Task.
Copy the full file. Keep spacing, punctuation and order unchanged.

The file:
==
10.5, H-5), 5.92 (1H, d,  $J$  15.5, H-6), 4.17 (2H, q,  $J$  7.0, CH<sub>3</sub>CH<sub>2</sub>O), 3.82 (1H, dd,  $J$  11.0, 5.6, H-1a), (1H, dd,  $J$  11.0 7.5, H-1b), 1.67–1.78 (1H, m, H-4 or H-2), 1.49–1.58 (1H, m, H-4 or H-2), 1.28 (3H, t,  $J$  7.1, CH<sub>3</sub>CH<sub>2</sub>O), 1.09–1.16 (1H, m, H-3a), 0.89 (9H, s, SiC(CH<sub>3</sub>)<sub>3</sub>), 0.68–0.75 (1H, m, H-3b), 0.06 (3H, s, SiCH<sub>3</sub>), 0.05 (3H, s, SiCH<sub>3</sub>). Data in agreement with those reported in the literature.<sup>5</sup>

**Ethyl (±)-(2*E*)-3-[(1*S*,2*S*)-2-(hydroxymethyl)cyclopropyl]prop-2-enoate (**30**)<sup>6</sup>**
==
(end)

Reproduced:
10.5, H-5), 5.92 (1H, d,  $J$  15.5, H-6), 4.17 (2H, q,  $J$  7.0, CH<sub>3</sub>CH<sub>2</sub>O), 3.82 (1H, dd,  $J$  11.0, 5.6, H-1a), (1H, dd,  $J$  11.0 7.5, H-1b), 1.67–1.78 (1H, m, H-4 or H-2), 1.49–1.58 (1H, m, H-4 or H-2), 1.28 (3H, t,  $J$  7.1, CH<sub>3</sub>CH<sub>2</sub>O), 1.09–1.16 (1H, m, H-3a), 0.89 (9H, s, SiC(CH<sub>3</sub>)<sub>3</sub>), 0.68–0.75 (1H, m, H-3b), 0.06 (3H, s, SiCH<sub>3</sub>), 0.05 (3H, s, SiCH<sub>3</sub>). Data in agreement with those reported in the literature.<sup>5</sup>

**Ethyl (±)-(2*E*)-3-[(1*S*,2*S*)-2-(hydroxymethyl)cyclopropyl]prop-2-enoate (**30**)<sup>6</sup>**